But not one of those hotels top 400 rooms, and not one is set up to be a convention hotel with large ballroom and meeting room space. They are not adjacent to the new convention center.
So at this point we come down to a question of whether Oklahoma City wants to be in the convention business. It’s a city council policy decision, and with millions spent on site acquisition and design, that ship has pretty much sailed.
Credit Councilman Ed Shadid for financially backing visits by researchers who argue the convention business is not worth the public investment. Whether one agrees with this opposition or not, the discussion and airing of dissent is healthy.
Thanks to Shadid, our community was given a chance to hear arguments by Haywood Sanders, perhaps the most well-known critic of public investment in convention centers.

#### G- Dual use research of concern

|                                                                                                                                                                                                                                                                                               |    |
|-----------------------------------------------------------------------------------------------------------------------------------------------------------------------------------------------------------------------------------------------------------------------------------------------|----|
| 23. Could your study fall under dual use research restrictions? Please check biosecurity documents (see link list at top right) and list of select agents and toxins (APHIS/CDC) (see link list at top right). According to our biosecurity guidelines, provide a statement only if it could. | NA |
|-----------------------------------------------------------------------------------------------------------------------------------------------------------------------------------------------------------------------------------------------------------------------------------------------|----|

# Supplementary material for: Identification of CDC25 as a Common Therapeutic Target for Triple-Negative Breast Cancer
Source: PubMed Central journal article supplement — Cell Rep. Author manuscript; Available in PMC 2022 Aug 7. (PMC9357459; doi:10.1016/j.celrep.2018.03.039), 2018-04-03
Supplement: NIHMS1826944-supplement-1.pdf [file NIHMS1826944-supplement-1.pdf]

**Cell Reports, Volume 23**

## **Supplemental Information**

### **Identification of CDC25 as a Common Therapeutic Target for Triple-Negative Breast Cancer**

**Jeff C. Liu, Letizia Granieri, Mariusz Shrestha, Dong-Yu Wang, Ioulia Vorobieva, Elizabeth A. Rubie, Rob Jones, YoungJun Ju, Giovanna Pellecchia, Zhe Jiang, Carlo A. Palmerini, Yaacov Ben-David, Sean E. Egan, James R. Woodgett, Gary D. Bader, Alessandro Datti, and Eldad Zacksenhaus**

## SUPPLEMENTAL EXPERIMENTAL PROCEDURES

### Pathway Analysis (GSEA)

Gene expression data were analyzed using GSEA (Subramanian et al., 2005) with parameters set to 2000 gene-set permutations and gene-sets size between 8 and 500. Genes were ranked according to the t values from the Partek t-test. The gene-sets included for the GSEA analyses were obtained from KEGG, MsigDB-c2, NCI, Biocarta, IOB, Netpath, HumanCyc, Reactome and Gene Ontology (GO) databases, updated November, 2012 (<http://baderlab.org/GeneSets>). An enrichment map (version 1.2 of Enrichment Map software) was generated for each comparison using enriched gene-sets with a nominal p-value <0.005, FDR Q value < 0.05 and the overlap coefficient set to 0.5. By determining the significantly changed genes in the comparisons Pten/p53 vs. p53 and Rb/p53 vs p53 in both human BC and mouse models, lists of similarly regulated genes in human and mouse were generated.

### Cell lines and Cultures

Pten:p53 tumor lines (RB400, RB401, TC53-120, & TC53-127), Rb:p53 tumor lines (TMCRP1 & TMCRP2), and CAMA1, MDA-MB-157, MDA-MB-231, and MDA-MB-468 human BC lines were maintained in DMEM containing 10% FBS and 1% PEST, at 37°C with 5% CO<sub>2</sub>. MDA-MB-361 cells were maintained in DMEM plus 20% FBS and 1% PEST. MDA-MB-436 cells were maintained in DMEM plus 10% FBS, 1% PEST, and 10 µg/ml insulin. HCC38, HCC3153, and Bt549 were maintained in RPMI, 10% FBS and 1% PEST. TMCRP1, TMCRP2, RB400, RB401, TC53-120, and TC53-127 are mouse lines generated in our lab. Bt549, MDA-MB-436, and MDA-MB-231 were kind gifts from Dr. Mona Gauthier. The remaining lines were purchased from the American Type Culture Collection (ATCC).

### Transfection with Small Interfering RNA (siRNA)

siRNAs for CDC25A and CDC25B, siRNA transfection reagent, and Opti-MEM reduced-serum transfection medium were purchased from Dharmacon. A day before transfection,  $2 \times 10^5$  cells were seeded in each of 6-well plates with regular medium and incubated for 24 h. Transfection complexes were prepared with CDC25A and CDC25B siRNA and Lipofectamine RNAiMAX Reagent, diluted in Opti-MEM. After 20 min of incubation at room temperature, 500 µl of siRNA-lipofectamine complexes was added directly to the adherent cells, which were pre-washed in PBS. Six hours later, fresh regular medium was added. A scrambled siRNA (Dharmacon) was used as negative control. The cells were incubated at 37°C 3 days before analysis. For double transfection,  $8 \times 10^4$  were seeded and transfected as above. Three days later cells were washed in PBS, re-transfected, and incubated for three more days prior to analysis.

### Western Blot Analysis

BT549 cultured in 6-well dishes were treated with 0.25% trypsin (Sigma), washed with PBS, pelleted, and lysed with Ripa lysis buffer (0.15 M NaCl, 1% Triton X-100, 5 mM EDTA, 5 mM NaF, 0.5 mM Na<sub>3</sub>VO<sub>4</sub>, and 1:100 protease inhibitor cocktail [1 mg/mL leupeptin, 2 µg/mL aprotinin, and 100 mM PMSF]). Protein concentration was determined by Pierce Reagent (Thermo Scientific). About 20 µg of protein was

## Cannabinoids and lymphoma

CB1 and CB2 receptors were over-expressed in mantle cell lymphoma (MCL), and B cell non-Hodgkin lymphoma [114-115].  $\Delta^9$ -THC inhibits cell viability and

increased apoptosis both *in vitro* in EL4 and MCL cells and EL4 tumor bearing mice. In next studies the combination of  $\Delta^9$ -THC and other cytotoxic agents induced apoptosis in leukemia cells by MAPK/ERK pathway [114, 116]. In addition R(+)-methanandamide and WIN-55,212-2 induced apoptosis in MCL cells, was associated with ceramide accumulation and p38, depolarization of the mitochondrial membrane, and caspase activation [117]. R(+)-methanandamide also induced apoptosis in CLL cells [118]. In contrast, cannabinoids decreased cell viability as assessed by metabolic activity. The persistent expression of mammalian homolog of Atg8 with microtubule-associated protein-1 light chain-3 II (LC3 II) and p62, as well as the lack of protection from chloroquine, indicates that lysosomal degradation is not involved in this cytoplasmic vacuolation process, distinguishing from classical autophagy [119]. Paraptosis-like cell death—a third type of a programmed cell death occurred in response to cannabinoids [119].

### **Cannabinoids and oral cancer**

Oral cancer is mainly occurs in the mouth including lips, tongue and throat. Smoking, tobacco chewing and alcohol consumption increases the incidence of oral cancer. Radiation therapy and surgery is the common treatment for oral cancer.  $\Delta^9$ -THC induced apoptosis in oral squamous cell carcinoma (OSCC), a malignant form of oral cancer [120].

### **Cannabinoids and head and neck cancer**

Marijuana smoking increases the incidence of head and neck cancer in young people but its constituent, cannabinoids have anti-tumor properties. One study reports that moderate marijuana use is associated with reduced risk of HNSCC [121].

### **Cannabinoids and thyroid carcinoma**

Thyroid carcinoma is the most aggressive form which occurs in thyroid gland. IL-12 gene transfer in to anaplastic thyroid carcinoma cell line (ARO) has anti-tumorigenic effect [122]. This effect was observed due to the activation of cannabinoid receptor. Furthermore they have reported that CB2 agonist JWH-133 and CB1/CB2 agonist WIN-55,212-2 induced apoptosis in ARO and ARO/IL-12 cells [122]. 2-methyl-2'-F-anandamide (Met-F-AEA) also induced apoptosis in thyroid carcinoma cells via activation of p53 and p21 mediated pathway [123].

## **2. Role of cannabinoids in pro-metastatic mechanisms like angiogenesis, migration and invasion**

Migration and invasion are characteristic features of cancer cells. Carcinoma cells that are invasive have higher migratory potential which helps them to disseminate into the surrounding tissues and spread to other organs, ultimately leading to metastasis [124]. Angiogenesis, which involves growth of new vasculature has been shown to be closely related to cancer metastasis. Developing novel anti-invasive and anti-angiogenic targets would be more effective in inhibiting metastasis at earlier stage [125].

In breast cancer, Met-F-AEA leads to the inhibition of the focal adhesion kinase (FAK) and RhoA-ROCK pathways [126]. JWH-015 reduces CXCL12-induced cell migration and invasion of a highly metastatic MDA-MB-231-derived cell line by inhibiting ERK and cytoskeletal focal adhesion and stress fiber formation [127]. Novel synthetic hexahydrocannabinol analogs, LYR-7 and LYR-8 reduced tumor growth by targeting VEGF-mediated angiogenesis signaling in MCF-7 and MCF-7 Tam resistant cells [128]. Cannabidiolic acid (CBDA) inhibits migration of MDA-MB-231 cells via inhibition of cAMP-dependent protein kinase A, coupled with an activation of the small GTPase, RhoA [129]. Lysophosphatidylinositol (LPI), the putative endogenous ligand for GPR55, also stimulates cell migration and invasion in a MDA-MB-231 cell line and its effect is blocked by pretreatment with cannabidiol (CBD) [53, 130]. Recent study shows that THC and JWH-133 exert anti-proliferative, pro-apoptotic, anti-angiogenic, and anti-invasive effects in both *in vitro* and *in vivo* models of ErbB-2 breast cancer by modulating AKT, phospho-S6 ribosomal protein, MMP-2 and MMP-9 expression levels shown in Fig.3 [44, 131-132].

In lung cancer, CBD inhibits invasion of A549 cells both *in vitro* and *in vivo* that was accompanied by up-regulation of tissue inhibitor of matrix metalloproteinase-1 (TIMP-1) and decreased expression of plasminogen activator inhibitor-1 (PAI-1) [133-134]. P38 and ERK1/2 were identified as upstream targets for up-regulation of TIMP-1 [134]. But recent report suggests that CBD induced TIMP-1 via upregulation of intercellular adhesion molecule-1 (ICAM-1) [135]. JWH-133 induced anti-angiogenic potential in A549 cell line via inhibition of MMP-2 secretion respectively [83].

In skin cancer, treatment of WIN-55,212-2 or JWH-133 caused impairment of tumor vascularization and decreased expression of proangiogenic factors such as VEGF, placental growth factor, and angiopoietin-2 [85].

In those visits starting back in 2012, Sanders, a professor of public administration at the University of Texas at San Antonio and a veteran researcher on the convention industry, warned Oklahoma City is about to invest in an industry where the supply of meeting space had expanded by 35 percent since 2000 while attendance — demand for the space — dropped by 1.7 percent.
Carrier and consultants retained by the city respond the convention market remains strong. At the time Sanders made his report, the country was still recovering from the scariest economic downturn since the Great Depression.
The next part of this debate centers on why the city assistance is needed. If one is to conclude a headquarters hotel able to dedicate a 500-room block for large groups is critical to the convention center’s success, then the question is whether any company can or would fit the bill to make such a venue a reality.